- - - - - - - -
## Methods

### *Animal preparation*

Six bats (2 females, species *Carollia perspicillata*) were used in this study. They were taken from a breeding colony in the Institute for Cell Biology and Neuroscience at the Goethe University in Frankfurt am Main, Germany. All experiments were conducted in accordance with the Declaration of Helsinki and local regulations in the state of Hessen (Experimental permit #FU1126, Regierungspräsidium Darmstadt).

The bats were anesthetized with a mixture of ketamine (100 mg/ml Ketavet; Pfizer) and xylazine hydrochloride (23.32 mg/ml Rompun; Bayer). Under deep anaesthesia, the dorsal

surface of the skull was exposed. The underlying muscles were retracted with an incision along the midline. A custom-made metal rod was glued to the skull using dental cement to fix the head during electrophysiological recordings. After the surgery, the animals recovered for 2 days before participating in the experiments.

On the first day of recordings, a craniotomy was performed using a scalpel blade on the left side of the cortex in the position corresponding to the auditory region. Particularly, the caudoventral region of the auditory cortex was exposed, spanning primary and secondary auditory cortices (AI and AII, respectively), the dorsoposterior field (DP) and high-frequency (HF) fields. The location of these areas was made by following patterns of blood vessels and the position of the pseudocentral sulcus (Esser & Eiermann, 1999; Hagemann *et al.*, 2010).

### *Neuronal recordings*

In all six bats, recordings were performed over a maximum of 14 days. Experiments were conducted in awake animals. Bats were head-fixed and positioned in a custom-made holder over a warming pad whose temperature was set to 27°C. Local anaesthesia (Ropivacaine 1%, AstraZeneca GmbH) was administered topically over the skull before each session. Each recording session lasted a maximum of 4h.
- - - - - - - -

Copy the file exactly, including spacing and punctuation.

## Methods

### *Animal preparation*

Six bats (2 females, species *Carollia perspicillata*) were used in this study. They were taken from a breeding colony in the Institute for Cell Biology and Neuroscience at the Goethe University in Frankfurt am Main, Germany. All experiments were conducted in accordance with the Declaration of Helsinki and local regulations in the state of Hessen (Experimental permit #FU1126, Regierungspräsidium Darmstadt).

The bats were anesthetized with a mixture of ketamine (100 mg/ml Ketavet; Pfizer) and xylazine hydrochloride (23.32 mg/ml Rompun; Bayer). Under deep anaesthesia, the dorsal

surface of the skull was exposed. The underlying muscles were retracted with an incision along the midline. A custom-made metal rod was glued to the skull using dental cement to fix the head during electrophysiological recordings. After the surgery, the animals recovered for 2 days before participating in the experiments.

On the first day of recordings, a craniotomy was performed using a scalpel blade on the left side of the cortex in the position corresponding to the auditory region. Particularly, the caudoventral region of the auditory cortex was exposed, spanning primary and secondary auditory cortices (AI and AII, respectively), the dorsoposterior field (DP) and high-frequency (HF) fields. The location of these areas was made by following patterns of blood vessels and the position of the pseudocentral sulcus (Esser & Eiermann, 1999; Hagemann *et al.*, 2010).

### *Neuronal recordings*

In all six bats, recordings were performed over a maximum of 14 days. Experiments were conducted in awake animals. Bats were head-fixed and positioned in a custom-made holder over a warming pad whose temperature was set to 27°C. Local anaesthesia (Ropivacaine 1%, AstraZeneca GmbH) was administered topically over the skull before each session. Each recording session lasted a maximum of 4h.